Can passion alone change how others view the comms industry? In our latest board blog, IABC EMENA board member Jennifer Olsen talks (passionately) about what she thinks we can do to improve perceptions of the communications industry.
I see gaps in how we are perceived as professionals in the communications field. How many sessions have you seen or attended discussing how communications professionals can ‘influence the C-suite’? The fact that we even need to talk about this says to me there is still only a superficial value placed on communications by leadership. I know some companies do a better job and truly value communications professionals, but as a whole, I think perceptions of the communications profession need to (and can) improve in a number of areas.
How do we get a seat at the table? This has been a topic that is frustrating to me and I know to others as well. When a communicator cannot influence leaders it is usually due to the reputation of our profession. So how does that happen? More than likely, it is due to that one moment when a leader asks an opinion and doesn’t get a confident answer with a business focus.
Recently, the leader of my department asked me what to do with regard to a staff meeting in which we will have to discuss layoffs. I told him in a brief conversation … I think you should invite these people, at this time because these reasons. As he likes to gather information before a decision, he asked a communicator in his former team the same question. They have known each other longer so I can understand why he was shopping for answers. She said she would come back to him with some analysis. She eventually sent him a PowerPoint presentation with a list of options.
That is not what he asked for. He asked what he should do. He came back to me and asked me to review her choices to see if I had a new view. I went through each one to explain how I think the team would react. We ended up doing what I suggested originally. That is what leadership wants, but I don’t see everyone in our profession having an informed opinion.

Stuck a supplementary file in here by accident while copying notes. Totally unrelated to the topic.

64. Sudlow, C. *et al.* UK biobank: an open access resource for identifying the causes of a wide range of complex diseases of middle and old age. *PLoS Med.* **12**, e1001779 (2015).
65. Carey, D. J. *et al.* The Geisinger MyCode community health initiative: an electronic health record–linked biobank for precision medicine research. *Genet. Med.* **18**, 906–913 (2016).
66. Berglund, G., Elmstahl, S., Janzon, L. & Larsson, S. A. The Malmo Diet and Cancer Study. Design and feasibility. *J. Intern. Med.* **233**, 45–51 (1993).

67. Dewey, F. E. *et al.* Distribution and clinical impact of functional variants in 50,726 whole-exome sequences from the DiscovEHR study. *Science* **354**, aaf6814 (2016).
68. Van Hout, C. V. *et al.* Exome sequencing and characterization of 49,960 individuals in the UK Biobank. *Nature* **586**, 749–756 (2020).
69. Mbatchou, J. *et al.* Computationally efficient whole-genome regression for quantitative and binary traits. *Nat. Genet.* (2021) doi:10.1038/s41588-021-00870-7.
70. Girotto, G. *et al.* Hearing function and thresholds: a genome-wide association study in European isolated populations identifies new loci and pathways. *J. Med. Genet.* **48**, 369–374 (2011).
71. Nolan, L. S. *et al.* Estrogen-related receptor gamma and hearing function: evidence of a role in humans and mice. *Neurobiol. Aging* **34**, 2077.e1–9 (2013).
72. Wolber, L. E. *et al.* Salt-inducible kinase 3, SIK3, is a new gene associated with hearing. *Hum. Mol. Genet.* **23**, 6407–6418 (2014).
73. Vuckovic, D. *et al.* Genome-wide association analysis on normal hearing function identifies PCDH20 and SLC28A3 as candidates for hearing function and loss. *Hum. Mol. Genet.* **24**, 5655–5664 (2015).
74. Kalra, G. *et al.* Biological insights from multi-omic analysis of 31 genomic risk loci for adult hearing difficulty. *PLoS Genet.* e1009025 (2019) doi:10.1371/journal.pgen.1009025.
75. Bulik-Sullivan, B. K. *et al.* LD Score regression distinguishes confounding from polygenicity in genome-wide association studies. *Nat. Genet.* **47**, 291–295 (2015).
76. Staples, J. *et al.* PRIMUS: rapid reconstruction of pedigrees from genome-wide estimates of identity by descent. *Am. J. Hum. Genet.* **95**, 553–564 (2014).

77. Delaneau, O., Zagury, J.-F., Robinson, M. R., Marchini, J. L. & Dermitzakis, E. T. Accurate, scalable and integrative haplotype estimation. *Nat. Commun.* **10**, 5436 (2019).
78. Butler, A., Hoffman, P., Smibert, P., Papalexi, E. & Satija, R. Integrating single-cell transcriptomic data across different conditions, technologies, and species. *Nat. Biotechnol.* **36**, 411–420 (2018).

The general attitude of recruiting is that all communicators are the same. A communicator producing content is the same as a strategist is the same as an events manager. Our profession is so broad, it is very difficult to be a true generalist who is able to do everything under the umbrella of communications. I don’t think many company recruiters or people advising hiring managers understand that very few of us do it all.
I have worked with some great communicators who prefer to do more of the operational tasks. They like producing content, writing, and the creation of something tangible. I know others who really do prefer strategy. Great, the problem is recruiters/hiring managers have a difficult time advising on job descriptions that really reflect what the job is and are not necessarily good at understanding the relatable skills on someone’s CV/resume.
Professional Associations and Universities